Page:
Text: Susan Archer Weiss, “Chapter 16,” Home Life of Poe (1907), pp. 90-93


[page 90:]



As regards the nature of Poe’s affection for his wife, I have often recalled an expression of Mr. John Mackenzie when, after the poet’s death, a group of his friends were familiarly discussing his character. One doubted whether Poe had ever really loved his wife; to which Mr. Mackenzie replied: “I believe that Edgar loved his wife, but not that he was ever in love with her — which accounts for his constancy.”

I have heard other men say that it was impossible that Poe, at the age of twenty-seven, could have felt for the child of twelve, with whom he had played and romped in the familiar association of home life and the free intercourse of brother and sister, aught of the absorbing and idealizing passion of love. At most, said they, there could have been but the tender and protective affection of an elder brother or cousin; which, as Mr. Mackenzie [page 91:] remarked, was in one of Poe’s temperament the best guarantee for its continuance.

Apart from the disparity of age, there was no congeniality of mind or character to draw these two into sympathy. Virginia was not mentally gifted, and Poe once, after her death, remarked to Mrs. Mackenzie that she had never read half of his poems. When writing, he would go to Mrs. Clemm to explain his ideas or to ask her opinion, but never to Virginia. She was his pet, his plaything, his little “Sissy,” whose sunny temper and affectionate disposition brightened and cheered his home.

“She was always a child,” said a lady who knew her well. “Even in person smaller and younger looking than her real age, she retained to the last the shy sweetness and simplicity of childhood.”

It would certainly appear that Poe’s child-wife never attained to the full completeness of the nature and affections of a mature woman. She was never known to manifest jealousy of the women whom he so notoriously admired; neither did scandals disturb nor his neglect estrange her. Mrs. Clemm would sometimes, as in duty bound, take him to task for his irregularities, but no word of reproach ever escaped Virginia. She regarded him with [page 92:] the most implicit and childlike trust; and certainly it seems that Poe, of all men, knew how, by endearing epithets and eloquent protestations, to win a woman’s confidence — as will presently appear.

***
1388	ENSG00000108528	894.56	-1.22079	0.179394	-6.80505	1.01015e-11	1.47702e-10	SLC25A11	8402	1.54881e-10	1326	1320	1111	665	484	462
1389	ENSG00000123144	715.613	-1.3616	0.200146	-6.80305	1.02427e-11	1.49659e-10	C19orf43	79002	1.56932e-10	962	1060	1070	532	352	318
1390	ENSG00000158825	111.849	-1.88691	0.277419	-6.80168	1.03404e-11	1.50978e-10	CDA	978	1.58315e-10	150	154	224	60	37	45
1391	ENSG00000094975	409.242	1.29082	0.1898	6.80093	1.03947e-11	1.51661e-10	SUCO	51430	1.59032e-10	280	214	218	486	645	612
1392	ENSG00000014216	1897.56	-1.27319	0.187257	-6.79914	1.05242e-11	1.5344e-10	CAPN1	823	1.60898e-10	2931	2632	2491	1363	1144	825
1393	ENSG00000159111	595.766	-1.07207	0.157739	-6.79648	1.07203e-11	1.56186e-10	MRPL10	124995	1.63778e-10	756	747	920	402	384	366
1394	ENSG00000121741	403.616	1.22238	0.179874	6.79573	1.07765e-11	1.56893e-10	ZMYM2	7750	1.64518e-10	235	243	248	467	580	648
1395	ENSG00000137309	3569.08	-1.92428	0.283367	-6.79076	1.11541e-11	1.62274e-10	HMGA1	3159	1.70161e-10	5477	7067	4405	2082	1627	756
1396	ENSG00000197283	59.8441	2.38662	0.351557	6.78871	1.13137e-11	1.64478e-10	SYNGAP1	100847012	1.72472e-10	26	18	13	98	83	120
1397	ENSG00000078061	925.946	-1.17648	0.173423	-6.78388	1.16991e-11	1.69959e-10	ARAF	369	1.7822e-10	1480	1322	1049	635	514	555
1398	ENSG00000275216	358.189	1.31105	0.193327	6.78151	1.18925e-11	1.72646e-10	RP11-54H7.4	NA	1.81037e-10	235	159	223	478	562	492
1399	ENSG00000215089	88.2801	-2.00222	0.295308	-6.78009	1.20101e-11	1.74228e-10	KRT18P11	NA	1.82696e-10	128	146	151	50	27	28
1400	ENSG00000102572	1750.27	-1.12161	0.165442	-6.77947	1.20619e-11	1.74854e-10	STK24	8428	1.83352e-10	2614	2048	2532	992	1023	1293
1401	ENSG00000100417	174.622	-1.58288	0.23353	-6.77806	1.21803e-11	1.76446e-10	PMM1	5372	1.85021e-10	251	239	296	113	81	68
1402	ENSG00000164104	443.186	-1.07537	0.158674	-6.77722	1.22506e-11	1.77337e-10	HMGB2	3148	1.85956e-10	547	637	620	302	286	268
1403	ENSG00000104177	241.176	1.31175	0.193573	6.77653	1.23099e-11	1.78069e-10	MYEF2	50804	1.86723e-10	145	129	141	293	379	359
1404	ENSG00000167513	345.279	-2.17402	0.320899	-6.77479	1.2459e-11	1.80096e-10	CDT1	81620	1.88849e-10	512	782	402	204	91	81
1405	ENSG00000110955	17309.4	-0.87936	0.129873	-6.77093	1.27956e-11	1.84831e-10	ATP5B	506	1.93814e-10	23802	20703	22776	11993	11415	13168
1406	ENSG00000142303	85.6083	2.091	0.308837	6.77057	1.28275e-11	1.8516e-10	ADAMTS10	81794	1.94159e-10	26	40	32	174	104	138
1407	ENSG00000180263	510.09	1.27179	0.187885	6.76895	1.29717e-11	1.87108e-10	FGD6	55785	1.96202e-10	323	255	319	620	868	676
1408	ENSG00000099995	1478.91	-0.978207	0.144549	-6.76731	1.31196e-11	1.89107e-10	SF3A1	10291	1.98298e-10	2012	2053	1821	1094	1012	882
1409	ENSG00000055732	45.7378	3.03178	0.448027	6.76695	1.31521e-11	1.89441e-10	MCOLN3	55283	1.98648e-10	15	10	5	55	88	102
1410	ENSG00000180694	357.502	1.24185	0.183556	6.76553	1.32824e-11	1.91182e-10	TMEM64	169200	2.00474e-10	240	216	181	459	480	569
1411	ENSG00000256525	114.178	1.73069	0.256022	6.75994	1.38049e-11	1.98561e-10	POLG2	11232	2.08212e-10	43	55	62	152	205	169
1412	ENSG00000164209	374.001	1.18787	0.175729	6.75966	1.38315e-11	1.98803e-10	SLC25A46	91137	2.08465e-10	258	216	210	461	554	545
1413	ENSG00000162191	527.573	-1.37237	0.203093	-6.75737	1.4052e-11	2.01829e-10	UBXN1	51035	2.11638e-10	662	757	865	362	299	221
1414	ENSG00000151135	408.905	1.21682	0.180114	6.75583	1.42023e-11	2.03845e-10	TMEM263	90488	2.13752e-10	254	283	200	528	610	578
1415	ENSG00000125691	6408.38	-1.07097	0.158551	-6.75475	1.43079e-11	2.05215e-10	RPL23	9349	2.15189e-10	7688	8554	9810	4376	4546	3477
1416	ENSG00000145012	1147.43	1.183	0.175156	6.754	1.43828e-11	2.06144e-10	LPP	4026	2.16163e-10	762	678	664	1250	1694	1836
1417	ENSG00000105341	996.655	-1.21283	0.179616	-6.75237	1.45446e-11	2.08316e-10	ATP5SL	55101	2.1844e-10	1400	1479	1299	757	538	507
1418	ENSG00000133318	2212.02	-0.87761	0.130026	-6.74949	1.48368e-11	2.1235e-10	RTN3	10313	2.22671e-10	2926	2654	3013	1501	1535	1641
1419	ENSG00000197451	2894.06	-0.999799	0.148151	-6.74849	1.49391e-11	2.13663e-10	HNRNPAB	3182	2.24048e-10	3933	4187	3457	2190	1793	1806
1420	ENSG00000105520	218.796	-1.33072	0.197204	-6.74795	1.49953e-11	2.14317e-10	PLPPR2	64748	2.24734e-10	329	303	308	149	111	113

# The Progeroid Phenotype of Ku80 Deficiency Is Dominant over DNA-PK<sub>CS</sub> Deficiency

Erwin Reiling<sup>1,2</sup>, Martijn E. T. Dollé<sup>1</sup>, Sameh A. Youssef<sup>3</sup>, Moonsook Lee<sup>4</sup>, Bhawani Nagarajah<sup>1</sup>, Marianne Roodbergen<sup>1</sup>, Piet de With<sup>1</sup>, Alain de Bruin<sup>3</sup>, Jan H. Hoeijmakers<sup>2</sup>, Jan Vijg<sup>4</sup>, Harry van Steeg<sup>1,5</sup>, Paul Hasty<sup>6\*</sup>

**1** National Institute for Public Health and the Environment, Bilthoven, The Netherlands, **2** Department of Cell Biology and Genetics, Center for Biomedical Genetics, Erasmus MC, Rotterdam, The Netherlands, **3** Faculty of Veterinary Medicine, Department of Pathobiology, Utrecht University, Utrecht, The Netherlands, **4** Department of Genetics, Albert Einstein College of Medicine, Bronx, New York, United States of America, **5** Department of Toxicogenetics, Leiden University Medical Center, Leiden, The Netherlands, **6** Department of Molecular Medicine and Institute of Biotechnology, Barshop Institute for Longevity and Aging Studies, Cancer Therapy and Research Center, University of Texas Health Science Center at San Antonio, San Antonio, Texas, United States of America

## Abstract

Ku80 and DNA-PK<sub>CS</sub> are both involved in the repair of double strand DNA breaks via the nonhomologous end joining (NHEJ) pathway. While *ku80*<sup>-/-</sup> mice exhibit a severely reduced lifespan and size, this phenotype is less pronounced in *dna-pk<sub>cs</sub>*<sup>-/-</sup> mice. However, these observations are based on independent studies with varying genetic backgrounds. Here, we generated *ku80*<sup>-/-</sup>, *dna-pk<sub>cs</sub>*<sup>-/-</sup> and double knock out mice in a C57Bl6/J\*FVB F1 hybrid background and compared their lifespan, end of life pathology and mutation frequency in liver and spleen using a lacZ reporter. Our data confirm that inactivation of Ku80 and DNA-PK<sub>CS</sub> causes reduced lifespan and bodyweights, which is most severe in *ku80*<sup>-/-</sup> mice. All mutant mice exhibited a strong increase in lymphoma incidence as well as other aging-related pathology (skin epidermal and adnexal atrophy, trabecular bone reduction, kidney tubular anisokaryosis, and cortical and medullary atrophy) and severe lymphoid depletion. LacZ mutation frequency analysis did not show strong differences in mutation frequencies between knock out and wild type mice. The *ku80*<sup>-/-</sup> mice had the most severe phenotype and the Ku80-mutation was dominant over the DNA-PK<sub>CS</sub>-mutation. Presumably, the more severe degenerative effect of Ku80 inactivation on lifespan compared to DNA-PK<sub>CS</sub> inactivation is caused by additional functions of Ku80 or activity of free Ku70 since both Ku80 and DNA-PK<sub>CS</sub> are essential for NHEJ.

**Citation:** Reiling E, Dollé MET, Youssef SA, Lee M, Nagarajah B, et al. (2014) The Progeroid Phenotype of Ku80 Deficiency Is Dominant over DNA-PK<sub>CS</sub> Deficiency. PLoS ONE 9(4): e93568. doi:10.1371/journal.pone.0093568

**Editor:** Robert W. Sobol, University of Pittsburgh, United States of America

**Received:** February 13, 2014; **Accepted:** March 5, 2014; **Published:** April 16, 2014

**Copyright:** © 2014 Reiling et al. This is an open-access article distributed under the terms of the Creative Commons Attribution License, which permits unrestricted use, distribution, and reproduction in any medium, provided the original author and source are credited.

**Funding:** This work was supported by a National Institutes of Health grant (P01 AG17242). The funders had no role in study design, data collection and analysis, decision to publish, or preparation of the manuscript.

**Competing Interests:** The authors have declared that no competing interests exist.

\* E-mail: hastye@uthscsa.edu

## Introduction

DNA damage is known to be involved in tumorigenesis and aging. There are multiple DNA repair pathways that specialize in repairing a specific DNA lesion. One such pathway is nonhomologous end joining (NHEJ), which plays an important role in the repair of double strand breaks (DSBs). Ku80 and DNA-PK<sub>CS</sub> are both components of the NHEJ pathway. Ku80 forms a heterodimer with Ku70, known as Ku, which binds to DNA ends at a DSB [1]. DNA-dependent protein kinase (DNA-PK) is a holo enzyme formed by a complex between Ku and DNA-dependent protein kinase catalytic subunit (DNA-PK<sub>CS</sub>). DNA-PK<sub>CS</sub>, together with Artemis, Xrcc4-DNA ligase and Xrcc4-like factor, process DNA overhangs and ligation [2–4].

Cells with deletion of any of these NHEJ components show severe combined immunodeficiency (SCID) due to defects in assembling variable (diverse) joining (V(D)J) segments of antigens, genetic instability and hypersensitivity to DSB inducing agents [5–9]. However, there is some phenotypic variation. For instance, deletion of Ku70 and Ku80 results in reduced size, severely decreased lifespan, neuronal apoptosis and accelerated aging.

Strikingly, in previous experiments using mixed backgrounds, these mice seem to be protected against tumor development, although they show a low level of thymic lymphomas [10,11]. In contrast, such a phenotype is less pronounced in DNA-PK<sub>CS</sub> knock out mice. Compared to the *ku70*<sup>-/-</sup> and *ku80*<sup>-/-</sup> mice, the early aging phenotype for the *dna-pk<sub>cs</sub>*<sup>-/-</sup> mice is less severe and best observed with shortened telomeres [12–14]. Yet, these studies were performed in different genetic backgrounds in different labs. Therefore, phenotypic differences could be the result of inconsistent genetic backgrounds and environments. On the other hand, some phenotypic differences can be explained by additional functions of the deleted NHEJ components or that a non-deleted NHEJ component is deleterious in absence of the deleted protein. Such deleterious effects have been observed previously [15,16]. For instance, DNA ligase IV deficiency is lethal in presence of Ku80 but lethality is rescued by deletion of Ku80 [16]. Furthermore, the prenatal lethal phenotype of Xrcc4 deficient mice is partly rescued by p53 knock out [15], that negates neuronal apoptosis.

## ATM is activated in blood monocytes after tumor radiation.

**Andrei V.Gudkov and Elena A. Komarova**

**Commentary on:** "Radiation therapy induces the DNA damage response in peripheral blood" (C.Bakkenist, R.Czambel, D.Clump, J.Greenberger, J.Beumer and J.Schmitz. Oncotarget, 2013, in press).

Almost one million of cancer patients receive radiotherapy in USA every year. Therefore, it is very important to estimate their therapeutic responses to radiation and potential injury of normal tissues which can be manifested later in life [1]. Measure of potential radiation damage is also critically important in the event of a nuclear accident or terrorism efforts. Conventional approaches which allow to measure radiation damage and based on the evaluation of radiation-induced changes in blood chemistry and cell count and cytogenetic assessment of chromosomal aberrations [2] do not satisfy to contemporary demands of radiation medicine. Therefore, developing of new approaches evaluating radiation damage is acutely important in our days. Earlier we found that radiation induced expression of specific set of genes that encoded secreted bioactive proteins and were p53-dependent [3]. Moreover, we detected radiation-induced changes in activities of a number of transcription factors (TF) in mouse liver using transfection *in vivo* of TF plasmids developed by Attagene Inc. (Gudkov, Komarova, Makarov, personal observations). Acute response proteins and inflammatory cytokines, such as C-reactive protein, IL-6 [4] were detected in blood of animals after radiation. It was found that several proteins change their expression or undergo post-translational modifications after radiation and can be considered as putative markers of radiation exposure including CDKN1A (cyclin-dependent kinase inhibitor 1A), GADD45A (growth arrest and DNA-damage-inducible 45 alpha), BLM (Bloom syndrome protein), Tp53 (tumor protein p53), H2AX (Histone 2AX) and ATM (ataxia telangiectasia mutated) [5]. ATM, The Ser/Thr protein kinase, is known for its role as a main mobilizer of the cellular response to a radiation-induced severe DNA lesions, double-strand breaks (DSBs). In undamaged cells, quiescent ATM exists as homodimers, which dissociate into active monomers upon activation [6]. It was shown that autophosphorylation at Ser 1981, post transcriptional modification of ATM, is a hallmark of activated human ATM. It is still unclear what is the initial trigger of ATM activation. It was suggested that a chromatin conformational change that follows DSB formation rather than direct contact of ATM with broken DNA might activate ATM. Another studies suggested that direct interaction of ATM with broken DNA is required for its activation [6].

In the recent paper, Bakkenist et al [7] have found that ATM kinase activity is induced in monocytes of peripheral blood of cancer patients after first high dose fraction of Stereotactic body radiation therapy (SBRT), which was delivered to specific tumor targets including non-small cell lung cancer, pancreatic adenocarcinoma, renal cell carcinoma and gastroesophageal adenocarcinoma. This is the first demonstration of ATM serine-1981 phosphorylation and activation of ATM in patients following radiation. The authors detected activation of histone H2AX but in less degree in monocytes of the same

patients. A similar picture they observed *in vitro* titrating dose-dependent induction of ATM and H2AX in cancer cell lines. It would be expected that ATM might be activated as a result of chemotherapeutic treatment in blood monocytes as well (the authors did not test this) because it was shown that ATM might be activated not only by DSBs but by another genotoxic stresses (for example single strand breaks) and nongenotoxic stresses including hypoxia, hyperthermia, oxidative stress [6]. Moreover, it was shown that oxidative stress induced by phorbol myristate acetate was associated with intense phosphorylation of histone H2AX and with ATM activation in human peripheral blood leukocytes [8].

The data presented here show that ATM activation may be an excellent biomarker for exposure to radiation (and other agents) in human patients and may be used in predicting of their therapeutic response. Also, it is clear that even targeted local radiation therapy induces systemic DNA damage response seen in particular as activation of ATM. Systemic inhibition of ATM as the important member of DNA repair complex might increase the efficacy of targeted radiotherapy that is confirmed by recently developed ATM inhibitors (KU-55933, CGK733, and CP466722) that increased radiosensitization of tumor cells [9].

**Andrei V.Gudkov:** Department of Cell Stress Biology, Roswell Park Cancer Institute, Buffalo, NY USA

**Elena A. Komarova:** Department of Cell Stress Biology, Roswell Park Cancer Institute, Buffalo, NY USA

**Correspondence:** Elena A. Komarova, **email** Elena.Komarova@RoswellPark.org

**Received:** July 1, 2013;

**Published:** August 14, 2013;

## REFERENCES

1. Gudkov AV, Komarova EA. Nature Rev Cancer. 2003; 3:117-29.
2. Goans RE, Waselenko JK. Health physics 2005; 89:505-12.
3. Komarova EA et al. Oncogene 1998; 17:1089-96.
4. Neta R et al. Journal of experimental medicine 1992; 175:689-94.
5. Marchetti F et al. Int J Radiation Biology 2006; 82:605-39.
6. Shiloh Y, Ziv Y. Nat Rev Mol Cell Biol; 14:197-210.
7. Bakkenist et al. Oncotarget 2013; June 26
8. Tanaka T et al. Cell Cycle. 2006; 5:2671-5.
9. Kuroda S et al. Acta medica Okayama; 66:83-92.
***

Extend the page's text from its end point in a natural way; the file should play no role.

But, naturally, this was not the kind of affection to satisfy one of Poe’s impassioned and poetic nature. He craved a woman’s love, and the sympathetic appreciation of talented women, in whose companionship, as Mrs. Whitman assures us, he delighted. What he did not find in Virginia he sought elsewhere. In special he missed in her that understanding and appreciation of his genius which he found in some other women. She loved and admired her handsome and fascinating husband, but never appeared to take pride in his genius or his fame as a poet.

The accounts of Virginia’s beauty, say those who knew her personally, have been greatly exaggerated by Poe’s biographers, who, taking their impressions from the description of Mr. Gowans already mentioned, have painted the poet’s child-wife in the most glowing colors. The general idea of her is like that which Mr. Woodbury expresses: “A sylph-like creature, of such delicate and ethereal beauty that [page 93:] we almost expect to see it vanish away, like one of Poe’s own creations.”

But the real Virginia was neither delicate nor ethereal. She is described by those who knew her at the age of twenty-two as looking more like a girl of fifteen than a woman grown, with, notwithstanding her frail health, a round, full face and figure, full, pouting lips, a forehead too high and broad for beauty, and bright black eyes and raven-black hair, contrasting almost startlingly with a white and colorless complexion. Her manner and expression were soft and shy, with something childlike and appealing. “She was liked by every one,” says Mr. Graham. A decided lisp added to her child-likeness.






[S:0 - HLFP, 1907] - Edgar Allan Poe Society of Baltimore - Bookshelf - Home Life of Poe (S. A. Weiss) (Chapter 16)